What you will see? Marketing, technology, experience, Canadian
Thurs., March 22nd, 9:00-10:00 a.m., Room 309, Travis Allison, How To Get Dirt-Cheap, High Quality Responses From Email Marketing
Cole dramatically less “camp famous” than the other speakers on this list, and has a very different niche. Cole worked at YMCA Camp Ernst for a long time and has been studying race at camp for the last few years. He is earnest and thoughtful is his presentations and always leaves me thinking differently and questioning our policies. Definitely worth seeing.
What you will see? Typically group discussion, race at camp, no easy answers, academic
Thurs., March 22nd 10:15-11:15 a.m., Room 401, Cole Perry, Antiracism at Camp: Speaking Up and Acting Out
Dr. Deborah Gilboa
Dr. G is a physician, mom, and is on a mission to help grownups realize how powerful kids are. She, like Dr. Thurber, will connect humor to scientific studies and her experience working with different families. Her three boys go to camp, and she is a camp doc during the summer. She has spoken on all kinds of national and local TV and is certainly the most famous speaker outside of the camp world.
What you will see? Humor, science, confidence, charm
Tues., March 20th, 3:00-4:00 p.m., Room 301, Deborah Gilboa, Managing Anxiety at Camp
Wed., March 21st, 9:45-10:45 a.m., Room 312, Deborah Gilboa, Staff Self-Care - How to Teach It AND How to Practice It
Scott is a born storyteller. He keeps you hanging on every word and can connect with anyone. He has an incredible knack for relating to the audience. It’s really like your best friend is up there. Scott was the long time director of Dragonfly Forest, a camp for kids with special health needs, the founder of Camp Tall Tree, a camp for kids with autism, as well as a lifelong camper, staff, and now camper parent at YMCA Camp Al-Gon-Quian. He brings that connection to different types of people to every training he does.
What you will see? Relatability, special needs, storytelling.
Tues., March 20th, 3:00-4:00 p.m., Room 302, Scott Arizala, Silence, Whispering, Writing, and More: Lessons from Our Quieter Staff
Wed., March 21st, 8:30-9:30 a.m., Room 303, Scott Arizala, Sarah Kurtz McKinnon, and Sylvia van Meerten, NEW ideas, NEW development, and NEW outcomes: Staff Training Reinvented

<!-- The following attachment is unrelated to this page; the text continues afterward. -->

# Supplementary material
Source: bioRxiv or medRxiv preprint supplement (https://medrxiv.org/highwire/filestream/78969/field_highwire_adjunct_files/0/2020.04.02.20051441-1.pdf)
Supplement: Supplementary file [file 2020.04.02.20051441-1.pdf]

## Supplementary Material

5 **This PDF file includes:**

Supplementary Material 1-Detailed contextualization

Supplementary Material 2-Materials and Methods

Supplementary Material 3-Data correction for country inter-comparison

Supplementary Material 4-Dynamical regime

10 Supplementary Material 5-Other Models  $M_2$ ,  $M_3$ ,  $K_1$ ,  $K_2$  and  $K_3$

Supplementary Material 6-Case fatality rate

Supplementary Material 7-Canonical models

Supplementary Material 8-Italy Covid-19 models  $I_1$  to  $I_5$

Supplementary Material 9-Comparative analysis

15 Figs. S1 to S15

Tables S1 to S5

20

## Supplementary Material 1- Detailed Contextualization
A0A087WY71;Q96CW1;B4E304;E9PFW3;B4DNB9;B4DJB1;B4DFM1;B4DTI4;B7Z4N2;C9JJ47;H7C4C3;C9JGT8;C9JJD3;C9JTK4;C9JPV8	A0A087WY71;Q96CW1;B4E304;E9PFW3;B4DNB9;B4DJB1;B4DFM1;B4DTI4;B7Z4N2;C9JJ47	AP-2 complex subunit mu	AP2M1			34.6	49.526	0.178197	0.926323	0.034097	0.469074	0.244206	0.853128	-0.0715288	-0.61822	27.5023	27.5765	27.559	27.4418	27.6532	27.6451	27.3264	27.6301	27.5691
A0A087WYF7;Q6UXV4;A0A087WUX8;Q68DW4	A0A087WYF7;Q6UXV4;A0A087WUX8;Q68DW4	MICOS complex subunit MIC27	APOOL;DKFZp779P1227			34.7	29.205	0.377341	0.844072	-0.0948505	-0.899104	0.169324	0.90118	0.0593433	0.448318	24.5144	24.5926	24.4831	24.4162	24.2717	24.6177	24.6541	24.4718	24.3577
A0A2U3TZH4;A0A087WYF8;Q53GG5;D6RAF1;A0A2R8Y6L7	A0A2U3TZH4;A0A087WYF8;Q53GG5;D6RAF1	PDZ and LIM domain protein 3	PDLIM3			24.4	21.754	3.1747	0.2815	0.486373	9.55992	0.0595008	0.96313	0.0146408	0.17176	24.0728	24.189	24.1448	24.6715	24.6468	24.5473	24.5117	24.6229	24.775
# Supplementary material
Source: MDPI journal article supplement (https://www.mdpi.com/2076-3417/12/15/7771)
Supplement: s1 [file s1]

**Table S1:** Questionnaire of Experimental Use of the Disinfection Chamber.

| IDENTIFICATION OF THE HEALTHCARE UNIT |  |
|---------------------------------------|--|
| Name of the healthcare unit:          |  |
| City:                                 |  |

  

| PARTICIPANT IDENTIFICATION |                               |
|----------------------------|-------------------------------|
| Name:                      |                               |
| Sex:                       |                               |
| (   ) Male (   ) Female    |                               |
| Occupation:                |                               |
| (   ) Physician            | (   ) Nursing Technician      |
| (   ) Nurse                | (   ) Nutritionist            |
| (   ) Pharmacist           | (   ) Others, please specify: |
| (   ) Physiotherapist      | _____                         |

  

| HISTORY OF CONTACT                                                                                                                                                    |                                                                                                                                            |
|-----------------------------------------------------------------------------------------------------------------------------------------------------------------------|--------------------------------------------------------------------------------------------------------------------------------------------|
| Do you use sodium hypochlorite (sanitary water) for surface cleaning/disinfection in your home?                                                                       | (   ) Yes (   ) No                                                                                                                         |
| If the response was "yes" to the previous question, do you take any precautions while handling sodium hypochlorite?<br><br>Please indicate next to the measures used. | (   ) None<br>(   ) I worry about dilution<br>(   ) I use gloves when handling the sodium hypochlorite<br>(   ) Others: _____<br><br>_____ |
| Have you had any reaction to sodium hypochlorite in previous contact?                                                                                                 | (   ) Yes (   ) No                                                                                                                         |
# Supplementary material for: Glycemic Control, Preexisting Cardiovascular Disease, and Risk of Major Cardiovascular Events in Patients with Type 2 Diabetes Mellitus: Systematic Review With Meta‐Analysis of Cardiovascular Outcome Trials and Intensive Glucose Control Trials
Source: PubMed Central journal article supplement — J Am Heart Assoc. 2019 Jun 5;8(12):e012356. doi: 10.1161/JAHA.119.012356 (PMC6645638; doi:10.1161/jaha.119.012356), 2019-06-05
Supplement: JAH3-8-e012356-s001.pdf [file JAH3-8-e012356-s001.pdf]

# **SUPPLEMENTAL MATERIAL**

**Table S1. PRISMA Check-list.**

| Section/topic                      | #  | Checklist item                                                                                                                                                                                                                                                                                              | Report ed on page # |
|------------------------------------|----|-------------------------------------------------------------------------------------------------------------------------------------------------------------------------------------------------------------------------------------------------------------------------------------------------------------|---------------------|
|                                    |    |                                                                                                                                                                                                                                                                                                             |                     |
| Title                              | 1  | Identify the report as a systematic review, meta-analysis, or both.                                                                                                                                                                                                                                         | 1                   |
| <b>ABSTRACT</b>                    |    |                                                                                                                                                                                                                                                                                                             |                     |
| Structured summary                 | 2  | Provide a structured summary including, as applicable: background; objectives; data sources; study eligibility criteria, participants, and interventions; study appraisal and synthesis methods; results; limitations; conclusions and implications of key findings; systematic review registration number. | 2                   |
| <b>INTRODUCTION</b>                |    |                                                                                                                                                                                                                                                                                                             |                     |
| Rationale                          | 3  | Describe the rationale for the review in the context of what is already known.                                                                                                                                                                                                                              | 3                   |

Wed., March 21st, 2:00-3:00 p.m., Room 303 ,Scott Arizala, Training for the Middle: What Do We Really Want from Summer Camp Staff?
Understanding the Business
Some other people I like to sit in on because they run very successful camps and are often involved in the larger discussion of summer camp at the national level. These guys get business and no matter how we slice it, summer camp is a business.
Tues., March 20th, 9:45-10:45 a.m., Room 301, Andy Pritikin, Free Play at Day Camp- Important and Possible!
Wed., March 21st, 9:45-10:45 a.m., Room 303, Jay Jacobs, Building a Winning Camp Leadership Team
Wed., March 21st, 12:30-1:30 p.m., Room 401, Andy Pritikin, Day Camp Communication 2018, a Roundtable Discussion → Note: I don’t run a day camp, but am going to try to make this one anyway. I love stealing Andy’s ideas, especially around parent communication.
Wed., March 21st 2:00-3:00 p.m., Room 417, Scott Brody, ACA's Public Policy/Government Affairs Update!
Thurs., March 22nd, 9:00-10:00 a.m. Room 304, Steve Baskin, Using Disruptive Moments to Transform Campers Narratives
Seasonal Leadership Seminar
Set your leadership team up for success this summer
4 Weeks $75 until April 1st
By Patty Rudd
Day Camp Director, YMCA Camp Copneconic
Spring 2018 Cohort Member
Getting to know you...
This week I was thrilled to be paired with Meredith Stensaas, Assistant Camp Director at Mass Audubon’s Wildwood Camp in New Hampshire. Meredith has been involved in Camping since 2010 taking on all aspects of camp life from Outdoor Education to Summer Camp. While the majority of her Camp career has been at Wildwood, she has also served as an Outdoor Education Instructor at Camps throughout the Northeast. Meredith instantly struck me as the quintessential camp person- kind, intelligent, and warm.
It's a small world after all!
When Meredith first reached out to me to set up our conversation she mentioned that she had been to Fenton, MI before and actually knew where my camp was. I am well aware that the Greater Flint area is not a tourist hotspot so I was very intrigued to find out that her husband is also a fellow Michigander who grew up in the Flint area.